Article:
November 19, 2007
Wired Magazine’s website features several articles from the December 2007 issue about the new era of genome research: Genomics. The feature story is about the company 23andMe who will decode your genes for $1,000 US. Here’s the link to 23andMe’s site.
In addition, Wired has several related articles including a genome timeline, information about the writer’s genome, an open-source genetic engineering kit in development, and news of a genetic non-discrimination bill.
A closer look at yourself. Really. The process sounds simple enough: Order a sample kit, spit into the vial, send it back, they scan it, calculate your genetic risk factors, and they’ll let you log into their site to see what they’ve found. It makes for an interesting way to discover what your chromosomes say about what you are… and what may happen to you in the future. Currently, the cost and technology only gives you a strategic genotyping scan of 500,000 of your 3 billion base-pairs, but the results can affect your future in ways you may not (yet) realize.
What cancers will you get? Will you succumb to Alzheimer’s? Are you resistant to AIDS, bird flu, or high cholesterol? How long will you live? Will you develop the ability to fart lasers? Are you a woman trapped in a man’s body?
These type of genetic questions are what the curious-about-themselves would like to answer. Unfortunately, they’re not the only ones who would like to “know more about you.”
Enter the Health Gestapo… and Genetic Discrimination. The results of your genetic scan can be beneficial by creating specialized drugs that can work with your genes to make you healthy. There can be some not-so-beneficial problems arising from the results. Health insurance carriers may insist on having genotyping done before insuring someone… unless they are forced to pay for it, but what the insurers can save by not insuring “genetically defective” people can offset those costs.
That can lead to the problem of genetic discrimination, the segregation of people due their genotypes. Imagine entire populations being denied health care because of “bad genes,” only allowing those with “good genes” to grow healthy and strong and reproduce. [”Master Race” and Nazi genetic experiment reference goes here.] There is a genetic nondiscrimination bill in Congress to prevent such crap, but it is being held up in Senate by Sen. Tom Coburn (R-Oklahama) who claims it leaves employers vulnerable to liability:
An internal memo obtained Thursday from Coburn’s office said the senator’s make-or-break objection was the possibility that an employer who provides health insurance for its workers could be sued both as an insurer and as an employer. That means employers could be hit for much higher damages than insurers.
Another major problem: What if your genetic information falls into the wrong hands? Could they use that information against you? After all, DNA can be described as very personal information:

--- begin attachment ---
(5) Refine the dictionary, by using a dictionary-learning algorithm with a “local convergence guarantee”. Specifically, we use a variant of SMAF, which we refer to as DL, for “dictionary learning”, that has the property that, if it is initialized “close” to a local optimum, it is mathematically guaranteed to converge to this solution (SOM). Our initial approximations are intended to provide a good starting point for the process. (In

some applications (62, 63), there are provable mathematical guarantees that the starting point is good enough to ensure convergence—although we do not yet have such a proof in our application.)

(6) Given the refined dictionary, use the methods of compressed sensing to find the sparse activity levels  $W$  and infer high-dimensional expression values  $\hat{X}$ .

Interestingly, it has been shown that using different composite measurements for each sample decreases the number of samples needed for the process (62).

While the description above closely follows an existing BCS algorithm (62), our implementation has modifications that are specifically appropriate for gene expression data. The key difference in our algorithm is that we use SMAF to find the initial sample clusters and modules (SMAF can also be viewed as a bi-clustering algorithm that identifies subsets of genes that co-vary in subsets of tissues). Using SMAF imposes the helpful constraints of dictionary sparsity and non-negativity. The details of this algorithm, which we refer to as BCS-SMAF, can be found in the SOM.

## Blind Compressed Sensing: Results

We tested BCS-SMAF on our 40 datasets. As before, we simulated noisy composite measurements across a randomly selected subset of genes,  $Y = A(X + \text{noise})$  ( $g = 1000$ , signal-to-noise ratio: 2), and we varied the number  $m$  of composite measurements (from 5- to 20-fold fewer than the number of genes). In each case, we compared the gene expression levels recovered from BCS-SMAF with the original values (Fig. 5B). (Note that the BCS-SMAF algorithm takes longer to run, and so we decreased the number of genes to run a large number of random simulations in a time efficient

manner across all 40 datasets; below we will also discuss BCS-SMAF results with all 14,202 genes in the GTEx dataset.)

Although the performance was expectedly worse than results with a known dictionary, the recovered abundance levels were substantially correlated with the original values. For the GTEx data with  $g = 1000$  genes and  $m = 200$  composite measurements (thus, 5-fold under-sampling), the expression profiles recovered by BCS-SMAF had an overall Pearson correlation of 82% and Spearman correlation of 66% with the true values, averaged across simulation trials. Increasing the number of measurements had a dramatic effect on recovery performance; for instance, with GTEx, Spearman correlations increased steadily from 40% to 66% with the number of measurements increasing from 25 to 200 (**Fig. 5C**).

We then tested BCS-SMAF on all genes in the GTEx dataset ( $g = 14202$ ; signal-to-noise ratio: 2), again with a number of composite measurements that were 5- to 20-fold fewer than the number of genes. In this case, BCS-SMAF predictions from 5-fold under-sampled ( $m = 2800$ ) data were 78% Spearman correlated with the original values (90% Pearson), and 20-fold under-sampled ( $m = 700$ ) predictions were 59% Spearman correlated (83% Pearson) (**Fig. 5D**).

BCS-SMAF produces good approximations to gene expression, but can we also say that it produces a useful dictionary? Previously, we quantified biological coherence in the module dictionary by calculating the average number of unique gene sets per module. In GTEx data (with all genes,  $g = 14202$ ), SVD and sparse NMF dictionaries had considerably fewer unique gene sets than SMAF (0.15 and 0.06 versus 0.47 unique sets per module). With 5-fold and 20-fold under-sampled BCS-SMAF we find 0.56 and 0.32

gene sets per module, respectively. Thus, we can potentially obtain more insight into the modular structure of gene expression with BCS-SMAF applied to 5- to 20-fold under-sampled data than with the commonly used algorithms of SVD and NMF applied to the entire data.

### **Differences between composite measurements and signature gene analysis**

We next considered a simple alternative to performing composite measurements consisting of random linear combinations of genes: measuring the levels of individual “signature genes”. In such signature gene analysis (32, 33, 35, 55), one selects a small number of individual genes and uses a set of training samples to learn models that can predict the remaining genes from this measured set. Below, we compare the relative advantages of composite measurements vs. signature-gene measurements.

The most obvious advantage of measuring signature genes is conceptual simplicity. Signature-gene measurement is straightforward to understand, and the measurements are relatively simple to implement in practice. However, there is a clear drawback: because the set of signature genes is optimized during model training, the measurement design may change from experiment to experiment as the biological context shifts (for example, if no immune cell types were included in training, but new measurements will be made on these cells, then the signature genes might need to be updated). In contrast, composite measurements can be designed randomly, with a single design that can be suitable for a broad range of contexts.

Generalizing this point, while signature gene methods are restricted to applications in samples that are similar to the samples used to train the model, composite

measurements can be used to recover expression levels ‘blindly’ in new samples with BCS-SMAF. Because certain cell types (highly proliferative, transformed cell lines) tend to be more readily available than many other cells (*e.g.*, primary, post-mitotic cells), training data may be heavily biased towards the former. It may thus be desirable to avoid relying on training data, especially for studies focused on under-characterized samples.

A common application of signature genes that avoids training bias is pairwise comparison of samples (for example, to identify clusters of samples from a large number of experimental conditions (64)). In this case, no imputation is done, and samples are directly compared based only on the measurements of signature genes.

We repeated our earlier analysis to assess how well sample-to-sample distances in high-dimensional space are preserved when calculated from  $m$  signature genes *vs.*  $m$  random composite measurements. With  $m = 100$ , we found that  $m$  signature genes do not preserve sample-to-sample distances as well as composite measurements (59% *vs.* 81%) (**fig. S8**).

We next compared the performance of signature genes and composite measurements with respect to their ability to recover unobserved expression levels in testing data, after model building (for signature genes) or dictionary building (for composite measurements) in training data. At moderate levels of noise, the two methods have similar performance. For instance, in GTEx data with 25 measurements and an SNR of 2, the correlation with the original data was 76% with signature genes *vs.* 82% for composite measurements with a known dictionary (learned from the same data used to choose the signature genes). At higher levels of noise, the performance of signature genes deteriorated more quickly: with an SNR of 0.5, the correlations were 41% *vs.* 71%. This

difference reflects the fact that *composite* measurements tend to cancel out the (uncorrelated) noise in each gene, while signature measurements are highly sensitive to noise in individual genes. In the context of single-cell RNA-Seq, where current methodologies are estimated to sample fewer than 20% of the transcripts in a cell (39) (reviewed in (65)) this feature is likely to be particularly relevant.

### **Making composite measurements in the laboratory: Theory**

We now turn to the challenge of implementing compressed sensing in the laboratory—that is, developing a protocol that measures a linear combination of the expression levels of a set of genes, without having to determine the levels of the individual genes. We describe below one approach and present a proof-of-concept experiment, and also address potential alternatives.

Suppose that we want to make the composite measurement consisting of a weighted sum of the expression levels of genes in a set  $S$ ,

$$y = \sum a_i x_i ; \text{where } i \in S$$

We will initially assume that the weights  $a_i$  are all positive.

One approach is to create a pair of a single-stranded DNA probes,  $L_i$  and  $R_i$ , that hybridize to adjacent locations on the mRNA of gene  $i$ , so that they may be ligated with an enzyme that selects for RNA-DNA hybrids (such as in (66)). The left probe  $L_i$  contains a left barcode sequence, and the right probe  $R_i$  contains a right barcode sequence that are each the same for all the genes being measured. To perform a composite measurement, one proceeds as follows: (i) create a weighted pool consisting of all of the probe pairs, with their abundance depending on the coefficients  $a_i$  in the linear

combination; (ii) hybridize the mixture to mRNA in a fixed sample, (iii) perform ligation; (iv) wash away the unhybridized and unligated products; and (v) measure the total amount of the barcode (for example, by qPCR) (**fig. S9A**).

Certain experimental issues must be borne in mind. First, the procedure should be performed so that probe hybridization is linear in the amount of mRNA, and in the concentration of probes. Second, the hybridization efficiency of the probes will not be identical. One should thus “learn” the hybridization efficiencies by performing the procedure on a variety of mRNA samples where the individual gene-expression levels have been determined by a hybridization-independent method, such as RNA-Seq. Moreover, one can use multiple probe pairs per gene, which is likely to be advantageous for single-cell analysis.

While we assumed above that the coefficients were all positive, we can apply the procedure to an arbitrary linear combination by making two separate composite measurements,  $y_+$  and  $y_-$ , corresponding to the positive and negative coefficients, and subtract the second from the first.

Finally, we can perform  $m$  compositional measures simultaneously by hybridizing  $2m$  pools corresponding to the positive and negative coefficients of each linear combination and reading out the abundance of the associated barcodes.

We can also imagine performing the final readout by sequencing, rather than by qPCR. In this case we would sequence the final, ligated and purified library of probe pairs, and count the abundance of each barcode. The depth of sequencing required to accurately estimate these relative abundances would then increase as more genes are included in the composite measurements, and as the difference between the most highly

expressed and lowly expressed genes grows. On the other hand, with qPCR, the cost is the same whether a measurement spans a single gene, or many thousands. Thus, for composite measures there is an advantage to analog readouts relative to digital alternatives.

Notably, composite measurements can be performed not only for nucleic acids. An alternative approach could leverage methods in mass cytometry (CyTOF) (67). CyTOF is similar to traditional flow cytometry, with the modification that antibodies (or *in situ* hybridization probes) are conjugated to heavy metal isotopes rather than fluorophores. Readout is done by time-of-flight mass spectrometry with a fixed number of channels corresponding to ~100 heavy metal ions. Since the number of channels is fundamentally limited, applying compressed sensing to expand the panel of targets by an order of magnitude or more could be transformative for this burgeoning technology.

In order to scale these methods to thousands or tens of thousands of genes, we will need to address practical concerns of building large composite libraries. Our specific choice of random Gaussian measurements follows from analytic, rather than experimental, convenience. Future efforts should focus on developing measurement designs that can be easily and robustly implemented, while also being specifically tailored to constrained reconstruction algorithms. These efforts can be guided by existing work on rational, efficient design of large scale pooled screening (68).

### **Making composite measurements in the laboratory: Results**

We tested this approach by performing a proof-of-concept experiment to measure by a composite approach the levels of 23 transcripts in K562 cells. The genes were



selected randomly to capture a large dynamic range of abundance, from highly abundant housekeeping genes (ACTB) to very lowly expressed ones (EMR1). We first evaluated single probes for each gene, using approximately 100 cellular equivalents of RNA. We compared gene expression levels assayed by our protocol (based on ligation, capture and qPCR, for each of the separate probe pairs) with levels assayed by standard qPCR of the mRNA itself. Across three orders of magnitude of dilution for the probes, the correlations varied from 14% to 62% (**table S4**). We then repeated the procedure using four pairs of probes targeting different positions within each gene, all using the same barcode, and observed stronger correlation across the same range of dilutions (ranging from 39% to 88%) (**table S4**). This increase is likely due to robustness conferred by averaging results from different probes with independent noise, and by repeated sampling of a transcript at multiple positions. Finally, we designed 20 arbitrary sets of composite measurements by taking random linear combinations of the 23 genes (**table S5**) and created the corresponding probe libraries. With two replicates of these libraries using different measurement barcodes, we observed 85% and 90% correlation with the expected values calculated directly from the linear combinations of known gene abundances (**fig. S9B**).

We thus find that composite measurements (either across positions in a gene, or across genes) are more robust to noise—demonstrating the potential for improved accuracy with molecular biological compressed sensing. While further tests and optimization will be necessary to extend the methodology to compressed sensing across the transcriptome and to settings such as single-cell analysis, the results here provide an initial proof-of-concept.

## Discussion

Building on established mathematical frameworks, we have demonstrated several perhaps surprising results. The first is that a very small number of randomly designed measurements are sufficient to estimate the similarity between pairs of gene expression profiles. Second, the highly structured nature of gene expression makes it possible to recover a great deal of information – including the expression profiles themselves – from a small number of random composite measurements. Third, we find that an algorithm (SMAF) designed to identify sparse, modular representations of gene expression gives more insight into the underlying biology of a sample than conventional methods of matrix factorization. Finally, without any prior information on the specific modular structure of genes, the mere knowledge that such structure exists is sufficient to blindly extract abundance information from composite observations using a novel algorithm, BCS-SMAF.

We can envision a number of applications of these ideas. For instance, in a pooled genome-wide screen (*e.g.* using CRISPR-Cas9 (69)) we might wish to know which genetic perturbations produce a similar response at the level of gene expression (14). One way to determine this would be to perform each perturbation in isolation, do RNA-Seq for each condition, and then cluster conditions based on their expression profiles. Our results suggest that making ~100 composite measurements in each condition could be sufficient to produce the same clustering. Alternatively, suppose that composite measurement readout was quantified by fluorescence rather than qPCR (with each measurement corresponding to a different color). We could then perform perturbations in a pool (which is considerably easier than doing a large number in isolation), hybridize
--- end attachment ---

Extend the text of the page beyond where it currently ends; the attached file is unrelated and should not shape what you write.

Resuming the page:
Wojcicki (one of the founders of 23andMe) is onto something when she describes our genome as simply information. Already, we calibrate our health status in any number of ways, every day. We go to the drugstore and buy an HIV test or a pregnancy test. We take our blood pressure, track our cholesterol, count our calories. Our genome is now just one more metric at our disposal. It is one more factor revealed, an instrument suddenly within reach that can help us examine, and perhaps improve, our lives.
Unfortunately, Google and Microsoft want that metric in their databases as they are now competing in tracing your medical history… and genome. 23andMe is partially funded by Google, who invested some $3.9 million for the start-up. In case you haven’t heard, Google was reported as having “comprehensive consumer surveillance and entrenched hostility to privacy.”
How to trade your bad genes for good ones. From the Wired article Genetic-Engineering Competitors Create Modular DNA Dev Kit:
College and high school students are helping MIT scientists develop an open source development kit for biological systems that could do for cells what Linux has done for computers.
As part of the International Genetically Engineered Machines competition held in Cambridge, Massachusetts, last week, Peking University students created tiny assembly lines out of bacteria. Their entry, “Towards a Self-Differentiated Bacterial Assembly Line,” won them the grand prize among 50 teams from around the world.
The idea is to create “genetic Legos” that can be used to crate chemicals, but this could be easily adapted for “human genetic improvement.” Being open source, it certainly sounds like a viable alternative to black-market genetic engineers to correct your genetic defects. That may happen if genetic discrimination becomes reality, as people will look to correct the “genetic defects” discovered in their genotype.
More twisted than a double-helix. This is the kind of stuff that could give one fits. Some may never go down that road unless they’re forced kicking and screaming. Some will go willingly, only to be scared shitless by their results and hole themselves up in a bunker for the rest of their lives afraid of fulfilling their “genetic destiny.” Others may try to change that destiny.
Go go down that road, though, you will need to pay the toll. One grand, please…